New York Matrimonial Trial Handbook
The by Joel R. Brandes is available in Bookstores and online in the print edition , . It is also available and for all ebook readers in our bookstore. The New York Matrimonial Trial Handbook is divided into five parts: (1) Preliminary Matters Prior to the Commencement of Trial, Conduct of Trial and Rules of Evidence Particularly Applicable in Matrimonial Matters; (2); Establishing Grounds for Divorce, Separation and Annulment and Defenses; (3) Obtaining Maintenance, Child Support, Exclusive Occupancy and Counsel Fees; (4) Property Distribution and Evidence of Value; and (5) Trial of a Custody Case. There are thousands of suggested questions for the examination and cross-examination of witnesses dealing with very aspect of the matrimonial trial. Click and
The New York Matrimonial Trial Handbook was reviewed by Bernard Dworkin, Esq., in the New York Law Journal on December 21, 2017. His review is reprinted on our website at with the permission of the New York Law Journal.
Joel R. Brandes, is the author of Law and The Family New York, 2d (9 volumes) (Thomson Reuters), and Law and the Family New York Forms (5 volumes) (Thomson Reuters). Law and the Family New York, 2d is a treatise and a procedural guide. Volume 4A of the treatise contains more than 950 pages devoted to an analysis of the Hague Convention on the Civil Aspects of International Child Abduction and the International Child Abduction Remedies Act. It contains a complete discussion of the cases construing the Convention which have been decided by the United States Supreme Court, the Circuit Courts of Appeal, the District Courts, and the New York Courts.
Wednesday, August 10, 2011
address and telephone number in Forest Hills, New York. Petitioner has since had telecommunications with his child via both phone calls and video conference.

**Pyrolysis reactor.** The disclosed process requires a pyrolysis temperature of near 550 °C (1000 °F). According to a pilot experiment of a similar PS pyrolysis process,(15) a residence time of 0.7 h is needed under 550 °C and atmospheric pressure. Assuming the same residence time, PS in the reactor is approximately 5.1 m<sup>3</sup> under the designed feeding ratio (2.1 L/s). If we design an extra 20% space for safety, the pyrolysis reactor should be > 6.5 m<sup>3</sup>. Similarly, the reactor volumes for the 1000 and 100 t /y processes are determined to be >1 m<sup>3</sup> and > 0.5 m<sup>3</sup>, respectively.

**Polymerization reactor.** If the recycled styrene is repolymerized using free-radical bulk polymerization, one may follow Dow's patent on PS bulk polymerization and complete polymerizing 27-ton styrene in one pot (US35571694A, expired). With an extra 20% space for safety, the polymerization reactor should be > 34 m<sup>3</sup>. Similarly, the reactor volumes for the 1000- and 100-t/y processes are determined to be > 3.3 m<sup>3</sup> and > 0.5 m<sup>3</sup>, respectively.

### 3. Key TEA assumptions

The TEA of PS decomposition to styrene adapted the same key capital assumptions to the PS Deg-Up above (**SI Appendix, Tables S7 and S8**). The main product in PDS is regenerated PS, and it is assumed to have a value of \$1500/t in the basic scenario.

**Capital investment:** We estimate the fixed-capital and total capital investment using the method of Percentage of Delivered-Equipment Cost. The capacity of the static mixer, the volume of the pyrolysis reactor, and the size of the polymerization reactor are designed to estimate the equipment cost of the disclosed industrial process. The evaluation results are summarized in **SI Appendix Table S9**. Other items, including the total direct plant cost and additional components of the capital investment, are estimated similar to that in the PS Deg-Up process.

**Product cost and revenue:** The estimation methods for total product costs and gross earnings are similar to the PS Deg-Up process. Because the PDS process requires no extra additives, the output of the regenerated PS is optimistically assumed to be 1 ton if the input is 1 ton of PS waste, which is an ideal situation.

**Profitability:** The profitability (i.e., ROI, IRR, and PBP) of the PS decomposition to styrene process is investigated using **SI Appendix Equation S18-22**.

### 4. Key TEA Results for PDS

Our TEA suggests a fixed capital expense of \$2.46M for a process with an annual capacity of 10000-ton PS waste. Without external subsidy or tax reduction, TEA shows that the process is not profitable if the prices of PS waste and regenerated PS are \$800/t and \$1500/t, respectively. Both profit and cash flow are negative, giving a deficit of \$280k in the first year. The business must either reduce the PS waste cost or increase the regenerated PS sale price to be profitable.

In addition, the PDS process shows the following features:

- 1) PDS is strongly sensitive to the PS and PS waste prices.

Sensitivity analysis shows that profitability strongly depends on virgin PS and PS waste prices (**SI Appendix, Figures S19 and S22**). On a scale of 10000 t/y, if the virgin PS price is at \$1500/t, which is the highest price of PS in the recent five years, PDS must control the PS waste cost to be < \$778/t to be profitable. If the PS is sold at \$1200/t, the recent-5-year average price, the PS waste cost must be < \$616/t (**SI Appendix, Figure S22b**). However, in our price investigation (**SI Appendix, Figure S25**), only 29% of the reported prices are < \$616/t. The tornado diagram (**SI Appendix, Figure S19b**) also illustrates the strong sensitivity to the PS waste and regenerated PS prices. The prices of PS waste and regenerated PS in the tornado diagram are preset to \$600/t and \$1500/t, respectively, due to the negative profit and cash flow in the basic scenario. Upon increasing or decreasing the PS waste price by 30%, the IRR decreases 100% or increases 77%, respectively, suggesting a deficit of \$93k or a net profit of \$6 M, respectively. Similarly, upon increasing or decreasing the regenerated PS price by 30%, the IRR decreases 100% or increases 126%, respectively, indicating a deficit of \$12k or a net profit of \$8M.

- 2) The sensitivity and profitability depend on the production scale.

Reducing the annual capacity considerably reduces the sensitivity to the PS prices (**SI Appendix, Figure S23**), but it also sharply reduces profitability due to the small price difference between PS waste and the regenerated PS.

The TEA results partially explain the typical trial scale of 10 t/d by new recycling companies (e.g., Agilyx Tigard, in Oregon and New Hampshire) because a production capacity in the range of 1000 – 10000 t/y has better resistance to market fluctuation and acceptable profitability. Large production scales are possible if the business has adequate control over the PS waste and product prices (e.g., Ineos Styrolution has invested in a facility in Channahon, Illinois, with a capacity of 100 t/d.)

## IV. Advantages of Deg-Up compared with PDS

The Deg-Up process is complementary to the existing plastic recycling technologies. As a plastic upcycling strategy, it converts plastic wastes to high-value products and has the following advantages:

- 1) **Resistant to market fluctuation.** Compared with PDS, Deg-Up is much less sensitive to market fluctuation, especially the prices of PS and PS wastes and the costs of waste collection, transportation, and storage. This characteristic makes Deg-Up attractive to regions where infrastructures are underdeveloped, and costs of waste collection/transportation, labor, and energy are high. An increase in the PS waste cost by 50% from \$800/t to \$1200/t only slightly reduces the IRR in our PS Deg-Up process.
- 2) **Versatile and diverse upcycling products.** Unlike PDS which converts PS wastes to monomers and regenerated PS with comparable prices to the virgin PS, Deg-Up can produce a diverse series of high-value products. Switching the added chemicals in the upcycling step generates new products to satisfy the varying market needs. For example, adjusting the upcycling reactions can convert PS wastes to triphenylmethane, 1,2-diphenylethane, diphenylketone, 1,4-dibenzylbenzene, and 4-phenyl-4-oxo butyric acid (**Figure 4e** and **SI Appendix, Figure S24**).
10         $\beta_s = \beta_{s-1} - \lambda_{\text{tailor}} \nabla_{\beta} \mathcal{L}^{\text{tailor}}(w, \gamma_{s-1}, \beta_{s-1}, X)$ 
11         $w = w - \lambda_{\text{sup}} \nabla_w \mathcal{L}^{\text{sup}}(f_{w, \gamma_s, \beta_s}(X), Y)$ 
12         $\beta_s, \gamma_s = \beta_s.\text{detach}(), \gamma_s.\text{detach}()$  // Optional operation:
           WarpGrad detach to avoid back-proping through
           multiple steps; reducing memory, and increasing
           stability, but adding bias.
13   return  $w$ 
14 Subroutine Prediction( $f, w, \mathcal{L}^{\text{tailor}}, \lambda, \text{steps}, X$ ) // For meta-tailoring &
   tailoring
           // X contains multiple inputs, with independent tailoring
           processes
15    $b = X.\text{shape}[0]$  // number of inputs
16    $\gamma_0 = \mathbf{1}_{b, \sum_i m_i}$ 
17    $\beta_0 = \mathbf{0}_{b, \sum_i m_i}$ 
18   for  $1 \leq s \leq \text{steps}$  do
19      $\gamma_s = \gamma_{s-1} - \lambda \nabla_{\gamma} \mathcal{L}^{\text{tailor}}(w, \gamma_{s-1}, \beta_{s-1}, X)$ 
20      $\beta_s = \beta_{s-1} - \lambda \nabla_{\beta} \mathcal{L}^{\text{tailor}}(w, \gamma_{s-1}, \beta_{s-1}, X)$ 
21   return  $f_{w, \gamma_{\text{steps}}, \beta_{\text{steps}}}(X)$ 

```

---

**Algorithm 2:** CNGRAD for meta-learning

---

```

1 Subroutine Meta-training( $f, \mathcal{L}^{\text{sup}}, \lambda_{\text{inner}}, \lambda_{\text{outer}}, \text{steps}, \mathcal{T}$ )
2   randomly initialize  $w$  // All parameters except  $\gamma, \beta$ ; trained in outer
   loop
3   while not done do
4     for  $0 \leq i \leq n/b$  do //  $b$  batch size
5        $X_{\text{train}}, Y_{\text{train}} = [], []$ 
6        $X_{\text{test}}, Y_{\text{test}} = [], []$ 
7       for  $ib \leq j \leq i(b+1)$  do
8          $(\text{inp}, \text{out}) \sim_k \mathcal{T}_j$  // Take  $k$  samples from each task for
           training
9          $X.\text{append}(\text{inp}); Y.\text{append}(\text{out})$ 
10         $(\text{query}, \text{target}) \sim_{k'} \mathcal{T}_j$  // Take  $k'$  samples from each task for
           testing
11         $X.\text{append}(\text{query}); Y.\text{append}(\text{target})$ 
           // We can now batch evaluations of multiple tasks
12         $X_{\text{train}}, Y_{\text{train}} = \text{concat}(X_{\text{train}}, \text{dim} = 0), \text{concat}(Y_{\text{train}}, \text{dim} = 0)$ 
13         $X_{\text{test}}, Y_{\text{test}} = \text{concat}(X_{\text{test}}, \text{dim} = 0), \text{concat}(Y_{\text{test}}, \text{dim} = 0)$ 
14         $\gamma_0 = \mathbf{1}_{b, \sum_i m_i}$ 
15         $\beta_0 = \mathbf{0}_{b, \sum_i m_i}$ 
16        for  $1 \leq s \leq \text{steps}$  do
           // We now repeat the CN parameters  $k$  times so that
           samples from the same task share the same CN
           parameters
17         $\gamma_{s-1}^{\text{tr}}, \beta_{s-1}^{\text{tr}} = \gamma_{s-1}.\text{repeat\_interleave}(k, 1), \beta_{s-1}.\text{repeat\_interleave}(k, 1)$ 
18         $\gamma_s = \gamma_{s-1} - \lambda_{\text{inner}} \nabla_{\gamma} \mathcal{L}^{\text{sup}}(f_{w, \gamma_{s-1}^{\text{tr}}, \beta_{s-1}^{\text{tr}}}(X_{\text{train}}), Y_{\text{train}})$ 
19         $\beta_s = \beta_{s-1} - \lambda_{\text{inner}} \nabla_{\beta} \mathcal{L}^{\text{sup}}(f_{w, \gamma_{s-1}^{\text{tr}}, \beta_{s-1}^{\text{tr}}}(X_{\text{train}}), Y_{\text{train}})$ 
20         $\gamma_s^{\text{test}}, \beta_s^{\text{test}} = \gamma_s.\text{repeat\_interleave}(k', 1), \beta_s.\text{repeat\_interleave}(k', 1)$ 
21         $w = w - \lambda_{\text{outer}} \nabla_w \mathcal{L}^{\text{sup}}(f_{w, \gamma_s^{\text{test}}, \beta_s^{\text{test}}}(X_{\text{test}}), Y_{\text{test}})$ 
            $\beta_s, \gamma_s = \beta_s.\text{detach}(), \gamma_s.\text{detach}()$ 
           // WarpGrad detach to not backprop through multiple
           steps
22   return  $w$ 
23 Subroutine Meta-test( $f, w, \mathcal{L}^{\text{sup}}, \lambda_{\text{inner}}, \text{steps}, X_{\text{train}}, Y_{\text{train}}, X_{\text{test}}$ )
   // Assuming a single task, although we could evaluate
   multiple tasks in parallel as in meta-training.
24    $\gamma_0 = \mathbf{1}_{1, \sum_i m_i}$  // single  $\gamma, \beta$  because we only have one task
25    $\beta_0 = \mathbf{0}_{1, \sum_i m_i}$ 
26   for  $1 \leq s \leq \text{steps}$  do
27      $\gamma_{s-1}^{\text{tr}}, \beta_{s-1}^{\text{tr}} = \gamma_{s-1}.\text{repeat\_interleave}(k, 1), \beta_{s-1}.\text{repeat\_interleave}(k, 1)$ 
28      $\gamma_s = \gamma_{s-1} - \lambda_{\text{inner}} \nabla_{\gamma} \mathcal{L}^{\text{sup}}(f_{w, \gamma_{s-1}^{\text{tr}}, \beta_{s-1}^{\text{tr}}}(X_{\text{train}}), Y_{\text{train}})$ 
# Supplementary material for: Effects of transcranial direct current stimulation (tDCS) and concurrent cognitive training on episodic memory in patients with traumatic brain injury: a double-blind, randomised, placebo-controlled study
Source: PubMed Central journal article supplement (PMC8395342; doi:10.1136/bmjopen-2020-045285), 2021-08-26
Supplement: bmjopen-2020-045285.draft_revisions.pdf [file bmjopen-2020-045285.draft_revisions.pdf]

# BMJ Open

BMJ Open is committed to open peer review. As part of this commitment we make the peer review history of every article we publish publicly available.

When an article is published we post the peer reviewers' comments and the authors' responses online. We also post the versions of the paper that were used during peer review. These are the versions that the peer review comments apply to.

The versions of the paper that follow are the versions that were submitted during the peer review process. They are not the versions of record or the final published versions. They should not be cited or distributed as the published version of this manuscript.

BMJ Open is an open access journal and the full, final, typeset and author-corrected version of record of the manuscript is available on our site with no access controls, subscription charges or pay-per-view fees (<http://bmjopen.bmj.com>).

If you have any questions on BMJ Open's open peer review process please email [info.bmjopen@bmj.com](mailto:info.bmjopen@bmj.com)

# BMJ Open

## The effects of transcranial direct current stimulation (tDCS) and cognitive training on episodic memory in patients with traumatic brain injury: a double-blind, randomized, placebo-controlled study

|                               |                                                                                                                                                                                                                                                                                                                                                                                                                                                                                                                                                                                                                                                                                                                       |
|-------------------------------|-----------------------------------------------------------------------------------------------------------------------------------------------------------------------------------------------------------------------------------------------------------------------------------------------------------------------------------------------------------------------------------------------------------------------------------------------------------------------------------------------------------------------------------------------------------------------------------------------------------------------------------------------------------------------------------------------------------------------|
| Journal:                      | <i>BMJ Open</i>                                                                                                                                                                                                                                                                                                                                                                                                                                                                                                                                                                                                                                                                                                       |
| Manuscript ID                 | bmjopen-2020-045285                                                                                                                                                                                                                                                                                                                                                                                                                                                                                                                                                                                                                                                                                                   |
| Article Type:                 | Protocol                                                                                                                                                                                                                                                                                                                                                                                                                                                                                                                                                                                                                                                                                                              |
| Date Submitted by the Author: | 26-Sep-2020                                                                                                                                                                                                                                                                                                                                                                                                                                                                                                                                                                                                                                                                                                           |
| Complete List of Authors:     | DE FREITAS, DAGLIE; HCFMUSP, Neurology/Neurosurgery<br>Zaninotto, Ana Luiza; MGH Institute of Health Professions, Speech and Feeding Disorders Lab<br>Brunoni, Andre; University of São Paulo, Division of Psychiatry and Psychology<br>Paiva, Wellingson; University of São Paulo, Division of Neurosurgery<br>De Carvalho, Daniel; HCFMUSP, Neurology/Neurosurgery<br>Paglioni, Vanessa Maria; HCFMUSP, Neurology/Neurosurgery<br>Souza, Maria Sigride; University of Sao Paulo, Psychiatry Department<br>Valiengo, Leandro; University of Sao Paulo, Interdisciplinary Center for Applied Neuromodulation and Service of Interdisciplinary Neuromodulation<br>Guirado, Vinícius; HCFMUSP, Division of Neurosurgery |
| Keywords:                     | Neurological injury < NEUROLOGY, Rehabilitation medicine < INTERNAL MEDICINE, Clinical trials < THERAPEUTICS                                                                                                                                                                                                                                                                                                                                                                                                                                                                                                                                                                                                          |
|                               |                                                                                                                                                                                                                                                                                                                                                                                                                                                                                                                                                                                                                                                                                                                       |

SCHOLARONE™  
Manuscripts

On February 25, 2011, petitioner filed a petition in the Bucharest Court seeking a decision that respondent's removal and retention of L.R. outside of Romania was illegal. On May 5, 2011, the Bucharest Court dismissed the action, finding that petitioner did not have standing to bring the suit and was without remedy of law.
The District Court observed that in order to raise a prima facie case, a petitioner had to prove by a preponderance of the evidence that: "(1) the child was habitually resident in one State and has been ... retained in a different State; (2) the ... retention was in breach of the petitioner's custody rights under the law of the State of habitual residence; and (3) the petitioner was exercising those rights [or would have exercised those rights] at the time of the ... retention." Gitter v Gitter, 396 F.3d at 130-131. If a court deems that there has been a wrongful removal or retention of a child under the age of sixteen, and the petition was brought within a year of the wrongful removal or retention, the country in which the child is located must "order the return of the child forthwith," unless the respondent is able to raise an affirmative defense. Hague Convention art. 12.